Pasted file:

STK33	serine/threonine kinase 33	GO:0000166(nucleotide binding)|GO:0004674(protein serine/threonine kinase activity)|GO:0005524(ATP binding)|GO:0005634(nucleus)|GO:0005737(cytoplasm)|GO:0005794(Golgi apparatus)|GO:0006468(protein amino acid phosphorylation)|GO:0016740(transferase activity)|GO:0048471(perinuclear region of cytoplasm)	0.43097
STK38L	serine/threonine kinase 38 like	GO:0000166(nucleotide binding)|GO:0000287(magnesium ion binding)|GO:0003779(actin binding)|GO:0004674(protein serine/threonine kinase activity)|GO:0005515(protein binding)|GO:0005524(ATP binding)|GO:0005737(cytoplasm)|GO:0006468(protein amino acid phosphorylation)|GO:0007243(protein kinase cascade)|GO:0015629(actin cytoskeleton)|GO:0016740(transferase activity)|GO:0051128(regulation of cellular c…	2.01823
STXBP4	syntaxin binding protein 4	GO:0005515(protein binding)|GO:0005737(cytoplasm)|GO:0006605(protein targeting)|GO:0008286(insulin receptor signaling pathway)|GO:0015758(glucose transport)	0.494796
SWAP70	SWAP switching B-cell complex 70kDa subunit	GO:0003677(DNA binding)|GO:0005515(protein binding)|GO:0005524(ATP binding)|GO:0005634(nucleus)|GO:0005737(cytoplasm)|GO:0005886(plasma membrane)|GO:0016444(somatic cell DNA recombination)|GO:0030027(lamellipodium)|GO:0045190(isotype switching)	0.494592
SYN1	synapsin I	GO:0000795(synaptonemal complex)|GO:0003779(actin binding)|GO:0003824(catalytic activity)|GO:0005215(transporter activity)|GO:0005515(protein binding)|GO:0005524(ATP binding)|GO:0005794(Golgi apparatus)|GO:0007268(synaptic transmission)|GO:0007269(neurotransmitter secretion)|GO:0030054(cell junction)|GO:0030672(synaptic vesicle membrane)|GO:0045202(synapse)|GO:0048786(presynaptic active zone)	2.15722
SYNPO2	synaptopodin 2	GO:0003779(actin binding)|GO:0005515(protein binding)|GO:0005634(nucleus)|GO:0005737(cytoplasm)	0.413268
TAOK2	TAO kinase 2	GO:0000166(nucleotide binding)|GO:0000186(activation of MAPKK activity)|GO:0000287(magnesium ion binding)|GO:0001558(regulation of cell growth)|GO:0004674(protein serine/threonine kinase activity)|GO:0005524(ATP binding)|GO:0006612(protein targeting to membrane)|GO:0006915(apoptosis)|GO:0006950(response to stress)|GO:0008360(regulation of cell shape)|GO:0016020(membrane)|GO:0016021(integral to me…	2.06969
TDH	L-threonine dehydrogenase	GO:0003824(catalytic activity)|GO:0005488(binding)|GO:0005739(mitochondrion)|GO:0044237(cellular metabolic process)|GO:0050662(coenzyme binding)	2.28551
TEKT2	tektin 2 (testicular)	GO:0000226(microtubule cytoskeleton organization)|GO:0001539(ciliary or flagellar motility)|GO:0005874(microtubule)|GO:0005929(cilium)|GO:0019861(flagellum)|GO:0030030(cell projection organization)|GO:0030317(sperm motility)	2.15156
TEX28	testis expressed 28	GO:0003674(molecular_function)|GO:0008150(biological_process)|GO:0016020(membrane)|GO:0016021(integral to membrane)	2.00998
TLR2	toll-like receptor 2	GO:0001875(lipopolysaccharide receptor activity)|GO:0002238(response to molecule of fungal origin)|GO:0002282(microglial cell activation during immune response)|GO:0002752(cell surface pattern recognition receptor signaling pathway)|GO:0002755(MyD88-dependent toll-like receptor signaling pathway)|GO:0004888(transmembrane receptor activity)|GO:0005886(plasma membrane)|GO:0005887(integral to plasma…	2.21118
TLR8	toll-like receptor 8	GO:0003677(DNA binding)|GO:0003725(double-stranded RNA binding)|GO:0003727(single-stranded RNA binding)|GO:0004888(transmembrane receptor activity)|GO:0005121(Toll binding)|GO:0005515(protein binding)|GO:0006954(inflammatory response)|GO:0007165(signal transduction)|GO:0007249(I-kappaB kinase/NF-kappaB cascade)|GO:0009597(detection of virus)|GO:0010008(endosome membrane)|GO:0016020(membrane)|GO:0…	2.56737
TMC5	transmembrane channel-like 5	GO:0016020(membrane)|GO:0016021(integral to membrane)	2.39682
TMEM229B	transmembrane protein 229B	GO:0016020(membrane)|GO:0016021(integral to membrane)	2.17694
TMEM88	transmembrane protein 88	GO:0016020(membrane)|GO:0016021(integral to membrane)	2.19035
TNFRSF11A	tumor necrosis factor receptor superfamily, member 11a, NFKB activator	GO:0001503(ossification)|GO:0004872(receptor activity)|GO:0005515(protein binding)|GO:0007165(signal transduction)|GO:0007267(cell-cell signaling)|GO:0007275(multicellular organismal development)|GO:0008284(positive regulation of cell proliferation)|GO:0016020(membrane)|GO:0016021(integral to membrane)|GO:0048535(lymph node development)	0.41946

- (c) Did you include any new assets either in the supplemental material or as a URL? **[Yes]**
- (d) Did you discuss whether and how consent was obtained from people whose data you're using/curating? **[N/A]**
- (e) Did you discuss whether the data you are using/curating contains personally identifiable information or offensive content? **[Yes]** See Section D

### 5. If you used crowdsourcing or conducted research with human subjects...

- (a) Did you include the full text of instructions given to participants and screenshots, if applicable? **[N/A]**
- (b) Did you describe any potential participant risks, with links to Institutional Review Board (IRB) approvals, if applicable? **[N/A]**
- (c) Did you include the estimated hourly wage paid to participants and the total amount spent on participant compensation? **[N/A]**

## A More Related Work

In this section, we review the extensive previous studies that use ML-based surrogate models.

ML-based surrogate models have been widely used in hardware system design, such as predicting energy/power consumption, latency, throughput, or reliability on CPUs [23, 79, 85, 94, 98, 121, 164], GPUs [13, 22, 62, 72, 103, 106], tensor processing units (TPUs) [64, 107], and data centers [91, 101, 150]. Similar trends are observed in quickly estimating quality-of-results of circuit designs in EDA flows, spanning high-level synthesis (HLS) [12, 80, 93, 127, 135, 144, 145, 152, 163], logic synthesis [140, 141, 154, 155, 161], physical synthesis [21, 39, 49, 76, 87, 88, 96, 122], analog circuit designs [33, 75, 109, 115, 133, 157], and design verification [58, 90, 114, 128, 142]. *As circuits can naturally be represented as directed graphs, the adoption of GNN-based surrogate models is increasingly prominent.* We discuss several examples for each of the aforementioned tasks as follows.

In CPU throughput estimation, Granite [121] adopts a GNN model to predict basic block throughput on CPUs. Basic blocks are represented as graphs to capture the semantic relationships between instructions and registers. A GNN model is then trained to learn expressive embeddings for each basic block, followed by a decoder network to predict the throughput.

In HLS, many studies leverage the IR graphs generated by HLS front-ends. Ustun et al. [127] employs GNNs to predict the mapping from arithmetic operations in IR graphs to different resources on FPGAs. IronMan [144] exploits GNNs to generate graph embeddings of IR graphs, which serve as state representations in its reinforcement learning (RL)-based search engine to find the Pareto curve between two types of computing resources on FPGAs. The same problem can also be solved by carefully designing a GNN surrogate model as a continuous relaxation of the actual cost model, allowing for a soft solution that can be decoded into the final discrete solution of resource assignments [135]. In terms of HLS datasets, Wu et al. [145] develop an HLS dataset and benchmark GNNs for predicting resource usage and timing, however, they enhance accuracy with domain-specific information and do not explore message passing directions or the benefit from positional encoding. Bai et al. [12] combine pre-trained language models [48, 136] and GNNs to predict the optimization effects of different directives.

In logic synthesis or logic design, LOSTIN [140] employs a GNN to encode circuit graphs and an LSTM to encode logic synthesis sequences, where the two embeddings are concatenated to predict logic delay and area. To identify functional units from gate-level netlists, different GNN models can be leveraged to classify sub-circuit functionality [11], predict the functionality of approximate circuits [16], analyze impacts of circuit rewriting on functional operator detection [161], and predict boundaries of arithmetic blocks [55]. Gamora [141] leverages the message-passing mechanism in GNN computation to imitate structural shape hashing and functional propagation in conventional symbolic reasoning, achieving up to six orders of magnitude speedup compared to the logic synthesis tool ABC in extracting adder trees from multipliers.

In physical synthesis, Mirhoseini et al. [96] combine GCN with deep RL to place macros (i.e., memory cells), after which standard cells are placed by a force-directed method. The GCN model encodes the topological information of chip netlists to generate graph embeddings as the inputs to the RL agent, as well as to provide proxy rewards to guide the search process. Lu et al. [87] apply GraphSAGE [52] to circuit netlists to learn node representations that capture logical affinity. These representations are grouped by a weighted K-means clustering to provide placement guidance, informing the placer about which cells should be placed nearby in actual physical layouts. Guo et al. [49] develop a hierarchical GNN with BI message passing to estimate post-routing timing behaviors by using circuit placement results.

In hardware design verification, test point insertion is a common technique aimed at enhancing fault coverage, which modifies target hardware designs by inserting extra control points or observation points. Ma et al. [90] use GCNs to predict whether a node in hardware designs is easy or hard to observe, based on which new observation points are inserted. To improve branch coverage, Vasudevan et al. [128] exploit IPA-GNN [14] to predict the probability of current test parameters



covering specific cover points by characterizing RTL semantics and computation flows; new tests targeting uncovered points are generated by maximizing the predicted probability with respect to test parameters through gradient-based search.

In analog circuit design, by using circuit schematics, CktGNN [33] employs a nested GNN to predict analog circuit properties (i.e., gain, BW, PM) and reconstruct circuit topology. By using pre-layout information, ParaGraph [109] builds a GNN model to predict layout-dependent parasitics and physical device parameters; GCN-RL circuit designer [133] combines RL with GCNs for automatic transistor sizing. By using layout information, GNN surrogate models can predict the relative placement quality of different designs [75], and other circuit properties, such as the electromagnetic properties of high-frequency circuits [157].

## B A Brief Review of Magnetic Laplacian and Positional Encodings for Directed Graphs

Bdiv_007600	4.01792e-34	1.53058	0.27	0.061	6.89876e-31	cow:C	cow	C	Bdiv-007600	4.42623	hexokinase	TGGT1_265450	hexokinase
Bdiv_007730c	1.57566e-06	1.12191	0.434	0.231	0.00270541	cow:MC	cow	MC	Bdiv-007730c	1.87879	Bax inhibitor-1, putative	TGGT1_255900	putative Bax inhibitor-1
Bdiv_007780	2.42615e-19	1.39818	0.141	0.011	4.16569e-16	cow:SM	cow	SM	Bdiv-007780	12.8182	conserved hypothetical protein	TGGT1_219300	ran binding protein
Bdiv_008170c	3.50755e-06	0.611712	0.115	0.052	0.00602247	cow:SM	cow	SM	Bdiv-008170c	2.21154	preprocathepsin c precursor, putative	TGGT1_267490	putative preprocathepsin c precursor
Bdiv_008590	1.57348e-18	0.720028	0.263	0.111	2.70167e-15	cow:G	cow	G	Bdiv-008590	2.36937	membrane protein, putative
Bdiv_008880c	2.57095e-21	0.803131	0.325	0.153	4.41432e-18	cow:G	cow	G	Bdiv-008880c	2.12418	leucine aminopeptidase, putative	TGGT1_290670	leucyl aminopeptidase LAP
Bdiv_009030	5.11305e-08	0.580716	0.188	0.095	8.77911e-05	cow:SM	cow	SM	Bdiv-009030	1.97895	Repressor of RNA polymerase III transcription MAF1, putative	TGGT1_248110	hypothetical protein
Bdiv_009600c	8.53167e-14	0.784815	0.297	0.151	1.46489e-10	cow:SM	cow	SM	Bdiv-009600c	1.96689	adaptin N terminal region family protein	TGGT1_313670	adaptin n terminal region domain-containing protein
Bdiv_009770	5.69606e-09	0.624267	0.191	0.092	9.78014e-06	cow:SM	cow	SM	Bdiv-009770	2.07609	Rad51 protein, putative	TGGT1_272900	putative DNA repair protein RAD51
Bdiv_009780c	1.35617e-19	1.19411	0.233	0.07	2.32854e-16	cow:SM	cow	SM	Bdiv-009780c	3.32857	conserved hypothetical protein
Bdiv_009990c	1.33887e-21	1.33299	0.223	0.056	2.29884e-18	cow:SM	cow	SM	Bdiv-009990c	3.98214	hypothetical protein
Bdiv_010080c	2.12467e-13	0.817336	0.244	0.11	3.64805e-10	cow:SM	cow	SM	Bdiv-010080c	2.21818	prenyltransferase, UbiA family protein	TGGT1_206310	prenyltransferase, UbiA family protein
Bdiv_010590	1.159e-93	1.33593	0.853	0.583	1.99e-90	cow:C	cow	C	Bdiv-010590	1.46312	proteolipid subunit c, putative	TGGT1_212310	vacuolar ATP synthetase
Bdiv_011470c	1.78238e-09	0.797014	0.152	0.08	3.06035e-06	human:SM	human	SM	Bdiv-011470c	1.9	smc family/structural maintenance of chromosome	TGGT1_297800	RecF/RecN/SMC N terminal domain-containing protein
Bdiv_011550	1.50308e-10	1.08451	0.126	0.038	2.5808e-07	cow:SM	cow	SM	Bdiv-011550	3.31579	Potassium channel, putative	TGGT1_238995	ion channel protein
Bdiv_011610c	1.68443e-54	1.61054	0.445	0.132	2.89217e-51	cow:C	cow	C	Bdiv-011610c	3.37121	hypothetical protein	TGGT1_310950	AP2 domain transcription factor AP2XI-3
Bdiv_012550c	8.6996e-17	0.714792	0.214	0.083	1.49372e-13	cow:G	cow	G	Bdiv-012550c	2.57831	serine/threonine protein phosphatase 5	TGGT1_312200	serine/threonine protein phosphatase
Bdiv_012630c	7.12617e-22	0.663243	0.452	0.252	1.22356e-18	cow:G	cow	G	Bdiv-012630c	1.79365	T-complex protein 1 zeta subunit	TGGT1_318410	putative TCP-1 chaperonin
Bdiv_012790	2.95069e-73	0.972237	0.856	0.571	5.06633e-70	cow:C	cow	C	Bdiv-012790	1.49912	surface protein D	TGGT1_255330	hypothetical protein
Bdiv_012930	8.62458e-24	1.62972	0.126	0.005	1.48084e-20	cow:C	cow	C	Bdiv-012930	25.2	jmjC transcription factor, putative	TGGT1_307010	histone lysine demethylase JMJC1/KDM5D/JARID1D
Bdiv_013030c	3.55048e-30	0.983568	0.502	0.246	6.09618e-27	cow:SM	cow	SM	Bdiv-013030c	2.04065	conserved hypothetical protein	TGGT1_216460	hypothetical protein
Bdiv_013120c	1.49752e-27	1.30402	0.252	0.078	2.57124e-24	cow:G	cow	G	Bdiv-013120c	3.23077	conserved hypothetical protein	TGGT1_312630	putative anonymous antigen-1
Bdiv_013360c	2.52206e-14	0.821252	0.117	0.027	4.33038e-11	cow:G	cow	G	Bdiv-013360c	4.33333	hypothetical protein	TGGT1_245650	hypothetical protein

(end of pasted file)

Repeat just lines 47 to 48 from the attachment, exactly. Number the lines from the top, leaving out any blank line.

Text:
Bdiv_010590	1.159e-93	1.33593	0.853	0.583	1.99e-90	cow:C	cow	C	Bdiv-010590	1.46312	proteolipid subunit c, putative	TGGT1_212310	vacuolar ATP synthetase
Bdiv_011470c	1.78238e-09	0.797014	0.152	0.08	3.06035e-06	human:SM	human	SM	Bdiv-011470c	1.9	smc family/structural maintenance of chromosome	TGGT1_297800	RecF/RecN/SMC N terminal domain-containing protein